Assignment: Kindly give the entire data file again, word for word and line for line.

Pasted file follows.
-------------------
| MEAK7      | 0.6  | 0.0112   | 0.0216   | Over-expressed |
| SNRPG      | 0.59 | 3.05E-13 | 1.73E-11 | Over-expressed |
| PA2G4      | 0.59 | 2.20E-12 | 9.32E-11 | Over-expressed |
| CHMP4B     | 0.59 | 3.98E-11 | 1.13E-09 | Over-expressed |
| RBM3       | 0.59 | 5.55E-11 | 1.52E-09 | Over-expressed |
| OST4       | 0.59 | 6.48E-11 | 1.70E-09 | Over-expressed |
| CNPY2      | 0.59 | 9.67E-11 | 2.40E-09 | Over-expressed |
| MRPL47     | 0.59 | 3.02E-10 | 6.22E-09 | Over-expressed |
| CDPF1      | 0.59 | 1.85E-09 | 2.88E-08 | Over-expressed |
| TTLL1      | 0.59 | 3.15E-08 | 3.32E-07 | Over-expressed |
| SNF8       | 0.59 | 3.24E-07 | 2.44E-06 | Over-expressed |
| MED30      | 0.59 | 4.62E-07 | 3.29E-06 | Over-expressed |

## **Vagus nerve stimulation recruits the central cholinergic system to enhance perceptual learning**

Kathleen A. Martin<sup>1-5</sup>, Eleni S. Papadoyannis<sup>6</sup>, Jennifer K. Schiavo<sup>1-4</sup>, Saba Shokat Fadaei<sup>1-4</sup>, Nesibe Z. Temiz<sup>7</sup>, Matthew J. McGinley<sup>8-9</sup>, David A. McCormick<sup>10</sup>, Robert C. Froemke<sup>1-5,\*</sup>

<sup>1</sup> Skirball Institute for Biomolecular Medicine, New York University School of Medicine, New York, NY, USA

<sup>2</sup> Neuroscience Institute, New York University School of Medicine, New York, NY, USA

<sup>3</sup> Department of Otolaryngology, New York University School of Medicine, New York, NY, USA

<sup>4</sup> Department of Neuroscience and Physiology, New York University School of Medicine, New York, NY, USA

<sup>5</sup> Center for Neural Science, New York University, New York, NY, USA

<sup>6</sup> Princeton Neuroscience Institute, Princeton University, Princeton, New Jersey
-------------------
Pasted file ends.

| MEAK7      | 0.6  | 0.0112   | 0.0216   | Over-expressed |
| SNRPG      | 0.59 | 3.05E-13 | 1.73E-11 | Over-expressed |
| PA2G4      | 0.59 | 2.20E-12 | 9.32E-11 | Over-expressed |
| CHMP4B     | 0.59 | 3.98E-11 | 1.13E-09 | Over-expressed |
| RBM3       | 0.59 | 5.55E-11 | 1.52E-09 | Over-expressed |
| OST4       | 0.59 | 6.48E-11 | 1.70E-09 | Over-expressed |
| CNPY2      | 0.59 | 9.67E-11 | 2.40E-09 | Over-expressed |
| MRPL47     | 0.59 | 3.02E-10 | 6.22E-09 | Over-expressed |
| CDPF1      | 0.59 | 1.85E-09 | 2.88E-08 | Over-expressed |
| TTLL1      | 0.59 | 3.15E-08 | 3.32E-07 | Over-expressed |
| SNF8       | 0.59 | 3.24E-07 | 2.44E-06 | Over-expressed |
| MED30      | 0.59 | 4.62E-07 | 3.29E-06 | Over-expressed |

## **Vagus nerve stimulation recruits the central cholinergic system to enhance perceptual learning**

Kathleen A. Martin<sup>1-5</sup>, Eleni S. Papadoyannis<sup>6</sup>, Jennifer K. Schiavo<sup>1-4</sup>, Saba Shokat Fadaei<sup>1-4</sup>, Nesibe Z. Temiz<sup>7</sup>, Matthew J. McGinley<sup>8-9</sup>, David A. McCormick<sup>10</sup>, Robert C. Froemke<sup>1-5,\*</sup>

<sup>1</sup> Skirball Institute for Biomolecular Medicine, New York University School of Medicine, New York, NY, USA

<sup>2</sup> Neuroscience Institute, New York University School of Medicine, New York, NY, USA

<sup>3</sup> Department of Otolaryngology, New York University School of Medicine, New York, NY, USA

<sup>4</sup> Department of Neuroscience and Physiology, New York University School of Medicine, New York, NY, USA

<sup>5</sup> Center for Neural Science, New York University, New York, NY, USA

<sup>6</sup> Princeton Neuroscience Institute, Princeton University, Princeton, New Jersey